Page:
The goal of this study was to better define the role(s) for caldesmon in intact vascular smooth muscle using short interfering RNA (siRNA) technology. We hypothesized that an h-caldesmon-deficient tissue will result in increased basal levels of tone, in addition to increased physiological contractile properties. Moreover, we were interested in determining whether the relationship between MLC phosphorylation and force would be altered in the h-caldesmon-deficient tissue in such a way as to either support or refute a role for caldesmon in cooperativity between cross bridges during a maintained contraction.
MATERIALS AND METHODS
Swine carotid arteries (SCA) were obtained from a local slaughterhouse and transported to the laboratory in ice-cold physiological salt solution (PSS). PSS contained (in mM) 140 NaCl, 4.7 KCl, 1.2 MgSO4, 1.6 CaCl2, 1.2 Na2HPO4, 0.02 EDTA, and MOPS (pH 7.4). Arteries were cleaned of excess fat and connective tissue and then dissected free of both intimal and adventitial layers, leaving a thin medial layer for experimentation. Strips of the intact carotid media were cut (7 × 0.7 mm) and were stored in PSS (as described above) containing 5 mM d-glucose at 4°C.
Introduction of siRNA and organ culture of vascular strips.
Medial strips of SCA were subjected to a chemical loading protocol originally described by Morgan and Morgan (28) for the introduction of aequorin into intact smooth muscle tissue and similar to that previously published by our laboratory for the introduction of antisense oligodeoxynucleotides (8) and siRNA (33).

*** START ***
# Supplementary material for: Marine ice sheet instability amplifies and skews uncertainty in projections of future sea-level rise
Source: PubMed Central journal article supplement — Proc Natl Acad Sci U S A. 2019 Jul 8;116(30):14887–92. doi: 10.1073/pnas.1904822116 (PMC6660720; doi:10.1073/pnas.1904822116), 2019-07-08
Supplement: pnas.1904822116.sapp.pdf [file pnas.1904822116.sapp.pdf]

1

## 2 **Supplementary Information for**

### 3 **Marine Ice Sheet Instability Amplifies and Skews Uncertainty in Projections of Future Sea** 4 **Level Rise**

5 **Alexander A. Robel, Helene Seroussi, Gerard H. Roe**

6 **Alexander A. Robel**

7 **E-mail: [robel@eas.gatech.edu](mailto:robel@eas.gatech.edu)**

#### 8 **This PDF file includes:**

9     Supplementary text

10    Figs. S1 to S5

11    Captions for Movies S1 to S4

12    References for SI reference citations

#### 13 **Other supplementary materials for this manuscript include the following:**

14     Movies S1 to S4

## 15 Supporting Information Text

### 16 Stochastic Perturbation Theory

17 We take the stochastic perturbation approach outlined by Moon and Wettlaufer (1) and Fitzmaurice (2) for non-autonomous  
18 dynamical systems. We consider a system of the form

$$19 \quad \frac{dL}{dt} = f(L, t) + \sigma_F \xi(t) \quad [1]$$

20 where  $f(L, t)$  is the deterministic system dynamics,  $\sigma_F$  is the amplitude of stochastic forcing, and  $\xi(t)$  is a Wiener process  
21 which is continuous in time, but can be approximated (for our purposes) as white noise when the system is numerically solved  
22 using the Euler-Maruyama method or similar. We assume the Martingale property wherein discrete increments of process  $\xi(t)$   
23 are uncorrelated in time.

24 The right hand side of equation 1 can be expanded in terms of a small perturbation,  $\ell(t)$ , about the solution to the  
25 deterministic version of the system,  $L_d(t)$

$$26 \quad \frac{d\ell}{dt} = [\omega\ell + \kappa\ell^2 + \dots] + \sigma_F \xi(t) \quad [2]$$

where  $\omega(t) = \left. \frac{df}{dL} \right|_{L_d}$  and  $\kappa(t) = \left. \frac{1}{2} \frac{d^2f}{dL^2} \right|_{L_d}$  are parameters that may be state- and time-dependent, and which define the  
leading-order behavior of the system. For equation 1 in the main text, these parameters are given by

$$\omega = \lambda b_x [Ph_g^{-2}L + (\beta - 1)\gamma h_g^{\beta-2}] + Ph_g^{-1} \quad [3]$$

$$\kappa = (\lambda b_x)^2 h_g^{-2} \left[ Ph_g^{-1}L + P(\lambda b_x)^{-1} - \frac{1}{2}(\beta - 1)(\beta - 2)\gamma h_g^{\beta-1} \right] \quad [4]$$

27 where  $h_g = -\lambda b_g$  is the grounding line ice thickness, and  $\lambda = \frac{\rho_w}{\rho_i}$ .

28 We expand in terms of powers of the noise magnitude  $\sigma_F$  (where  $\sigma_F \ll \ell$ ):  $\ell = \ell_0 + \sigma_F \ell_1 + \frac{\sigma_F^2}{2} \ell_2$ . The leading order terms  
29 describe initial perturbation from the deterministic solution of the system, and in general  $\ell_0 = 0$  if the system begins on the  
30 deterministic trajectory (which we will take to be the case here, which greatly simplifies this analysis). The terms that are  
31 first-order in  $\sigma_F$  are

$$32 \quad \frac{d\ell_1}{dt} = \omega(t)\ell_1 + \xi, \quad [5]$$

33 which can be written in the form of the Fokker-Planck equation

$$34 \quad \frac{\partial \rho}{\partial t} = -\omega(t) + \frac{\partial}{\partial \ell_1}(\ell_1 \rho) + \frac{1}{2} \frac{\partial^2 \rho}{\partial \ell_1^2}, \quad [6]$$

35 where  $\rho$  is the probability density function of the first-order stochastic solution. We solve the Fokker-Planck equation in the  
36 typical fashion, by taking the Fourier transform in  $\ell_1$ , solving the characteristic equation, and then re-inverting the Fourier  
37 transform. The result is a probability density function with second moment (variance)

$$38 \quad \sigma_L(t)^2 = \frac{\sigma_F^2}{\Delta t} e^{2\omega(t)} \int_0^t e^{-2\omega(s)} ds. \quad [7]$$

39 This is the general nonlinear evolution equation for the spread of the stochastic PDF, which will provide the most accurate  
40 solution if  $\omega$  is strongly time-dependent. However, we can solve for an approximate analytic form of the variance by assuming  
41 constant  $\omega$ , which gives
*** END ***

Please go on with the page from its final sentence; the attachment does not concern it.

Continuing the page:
The carotid strips were incubated on ice in 1.5-ml Eppendorf tubes (4 strips per 1 ml per tube) with agitation for 90 min in a solution containing the following (in mM): 10 EGTA, 120 KCl, 2 MgCl2, 5 ATP, and 20 HEPES (pH 6.8). The strips were then transferred to a solution containing (in mM) 120 KCl, 2 MgCl2, 5 ATP, and 2 HEPES (pH 6.8) and agitated on ice for 30 min. The strips were then divided into three groups, control (no siRNA), experimental (siRNA against caldesmon), and negative control [siRNA against enhanced green fluorescent protein (eGFP)], and incubated on ice for 90 min while agitated in the same solution (control), or the same solution with siRNA against caldesmon, or siRNA against eGFP. The final concentration of siRNA used was 600 nM, as suggested by the vendor. All strips were then incubated for 30 min on ice with agitation in a similar solution containing the appropriate 600 nM siRNA, and the [MgCl2] (where brackets denote concentration) was increased to 10 mM. Following this incubation, the strips were washed twice with 500 μl of a solution composed of the following (in mM): 140 NaCl, 5 KCl, 10 MgCl2, 5.6 d-glucose, 5 ATP, and 2 HEPES (pH 6.8), and then incubated for 30 min at room temperature with agitation in the same solution with 600 nM siRNA added to the appropriate tubes. At the end of this incubation, all strips were introduced to increasing CaCl2 concentrations every 15 min from 0.001, 0.01, and 0.1, to a final concentration of 1.6 mM. The strips were then soaked in filter-sterilized PSS for 30 min at room temperature.